It is with much regret we have to inform our friends that the Society of Tabby Hall is no more. The wiles of Cupid have succeeded and the amiable and interesting spinsters who composed it have given a fresh proof of the fickleness of their nature by entering with one consent into the holy estate of matrimony, and in their union with various officers of the establishment, present some striking examples of that contrast of character recommended by some philosophers as the ground-work of connubial happiness. It is true that discord is the parent of harmony, that the most violent and active elements produce harmless compounds, and that a certain proportion of bitter is necessary to give a zest to sweet. But altho’ two beings whose thoughts, tastes, and feelings were precisely in union would be the most insipid companions in the world, we think the principle of contrast may be carried too far, and do not prognosticate much felicity from the “conjugation” of Miss Quickset and the accomplished Pirouette. Miss Botherum might observe that it is like the combination of hydrogen and carbonic acid, the one light and inflammable, the other ponderous and extinguishing flame. But as this union is formed precisely on the principle recommended by Mr Bickerstaff and pursued by his family, we trust the posterity of this charming pair, partaking the nature of both their parents, will produce that golden mean which results from the combination of extremes.

From the conjunction of the fair Barbara and Dr Atom, we confess we have serious apprehensions, not for themselves only but the whole world. Between them they may re-produce the chaos — It will be a charming employment for Miss Squib, if her domestic duties should not occupy too much of her time, to give us an account of the private history of these amicable pairs. It is a subject precisely suited to her nature.

Our hearers we are confident will sympathize with us, in the pleasure we feel at the restored sight of St Agnes and in wishes for the felicity of herself and Dr Cardamom. We hope the sprightly author of “The Dissolution” will not neglect to continue his poem to the celebration of this happy event.

We cannot sufficiently admire the undaunted courage of Mr Scriblerus. Not contented with denying the assistance of the wondrous Electromagus, he attacks him as “a cheat, a quack, a bold impostor,” and calls for justice with unwearied voice. With his Art of Cookery we have been much pleased, and hope he will not neglect to favour us with further specimens, but the source to which he ascribes his poetical inspiration is a little extraordinary. If good eating be the true source of genius, what brilliant repartees ought we not to hear at every city banquet. It would be in truth “the feast of reason and the flow of soul”. Our aldermen ought to be the sublimest poets, and those bards who complain of their meagre fare, should be struck at once from the Rolls of Fame, they should no longer write that they may eat, but eat that they may write. But perhaps it is with them as it is with carnivorous animals — and hunger inspires them with new strength and new energies in the search of that food which alone can enable them to continue their exertions. Be this as it may we hope that the sandwiches &c. &c. this evening may produce their wanted effect upon the mind of Atticus Scriblerus, and not on him alone, but may extend their beneficial influence to all our company, to the destruction of many a sheet of yet unspotted paper, and the lasting honour of themselves and of the Attic Chest.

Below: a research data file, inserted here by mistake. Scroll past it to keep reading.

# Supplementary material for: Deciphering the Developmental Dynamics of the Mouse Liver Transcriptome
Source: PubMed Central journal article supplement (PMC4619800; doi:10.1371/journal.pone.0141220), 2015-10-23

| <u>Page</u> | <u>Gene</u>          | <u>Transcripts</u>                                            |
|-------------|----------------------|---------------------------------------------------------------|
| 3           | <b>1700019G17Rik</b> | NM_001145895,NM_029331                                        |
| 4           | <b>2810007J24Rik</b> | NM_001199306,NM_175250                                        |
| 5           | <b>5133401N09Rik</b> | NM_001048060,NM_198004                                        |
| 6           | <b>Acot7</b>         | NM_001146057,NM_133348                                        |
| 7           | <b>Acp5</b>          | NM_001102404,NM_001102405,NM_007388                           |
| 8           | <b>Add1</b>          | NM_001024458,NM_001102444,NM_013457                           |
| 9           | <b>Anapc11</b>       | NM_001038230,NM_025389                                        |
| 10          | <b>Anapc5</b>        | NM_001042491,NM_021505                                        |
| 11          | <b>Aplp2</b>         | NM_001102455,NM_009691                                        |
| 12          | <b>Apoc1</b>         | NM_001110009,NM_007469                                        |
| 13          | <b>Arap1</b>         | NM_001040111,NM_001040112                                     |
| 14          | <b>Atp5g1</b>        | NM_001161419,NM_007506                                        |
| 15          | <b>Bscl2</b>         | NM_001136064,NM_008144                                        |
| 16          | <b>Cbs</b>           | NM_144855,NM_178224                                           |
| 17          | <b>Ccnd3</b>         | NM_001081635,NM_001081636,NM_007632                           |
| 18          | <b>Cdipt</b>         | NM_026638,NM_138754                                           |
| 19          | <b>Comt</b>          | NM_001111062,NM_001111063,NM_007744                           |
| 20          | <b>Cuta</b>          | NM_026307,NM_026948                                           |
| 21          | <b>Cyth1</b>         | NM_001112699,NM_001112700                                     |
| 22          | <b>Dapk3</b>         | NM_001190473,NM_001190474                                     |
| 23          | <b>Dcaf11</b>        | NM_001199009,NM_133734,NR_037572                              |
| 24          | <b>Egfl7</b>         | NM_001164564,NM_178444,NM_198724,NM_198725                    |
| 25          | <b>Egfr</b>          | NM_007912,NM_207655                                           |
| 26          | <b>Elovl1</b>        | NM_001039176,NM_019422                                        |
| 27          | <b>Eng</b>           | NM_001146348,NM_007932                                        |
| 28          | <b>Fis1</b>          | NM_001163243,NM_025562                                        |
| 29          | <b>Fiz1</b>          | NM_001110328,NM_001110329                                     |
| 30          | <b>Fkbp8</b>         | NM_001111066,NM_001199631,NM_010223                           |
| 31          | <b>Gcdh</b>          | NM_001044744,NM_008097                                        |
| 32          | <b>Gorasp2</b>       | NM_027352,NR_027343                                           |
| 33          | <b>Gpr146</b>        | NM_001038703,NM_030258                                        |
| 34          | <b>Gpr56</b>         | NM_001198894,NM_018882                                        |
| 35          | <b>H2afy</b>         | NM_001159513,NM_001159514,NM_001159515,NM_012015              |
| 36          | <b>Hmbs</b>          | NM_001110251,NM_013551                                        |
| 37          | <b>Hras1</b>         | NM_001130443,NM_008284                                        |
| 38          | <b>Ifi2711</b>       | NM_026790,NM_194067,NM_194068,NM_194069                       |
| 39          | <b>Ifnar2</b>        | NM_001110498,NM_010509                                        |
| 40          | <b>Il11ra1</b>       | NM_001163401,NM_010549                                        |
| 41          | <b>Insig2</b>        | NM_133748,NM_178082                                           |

Our fair friends may be surprised to hear that Lysander who distinguished himself in a former season by a violent attack on their sex, is now doing penance for his temerity and sighing at the feet of Hernia. Such is the inconstancy of human nature. It is unnecessary for us to praise the beautiful translation from Metastasio. Its excellence will be felt by all our readers, and in it we seem to discover the traces of a well known hand that has culled for the Attic Chest some of its sweetest flowers. We expected from the style to have found the signature of Orlando Disperato and were already congratulating him in our own minds on his escape from the tyranny of his ungrateful fair, but we were disappointed.

The dialogue between Dr Atom and Rhythmus in imitation of a recent publication contains much excellent criticism for our orators. The prevailing inattention to the proper enunciation of the vowels has robbed our language of much of its beauty and harmony, and we trust that the exertions of Rhythmus notwithstanding his vanity and inflation, may be instrumental in restoring the unfortunate elements to their proper rank. There is much genuine wheat in his works though it may be obscured by the chaff which covers it.

As this Dialogue is somewhat long, if it should be found tedious part may be deferred to a future opportunity.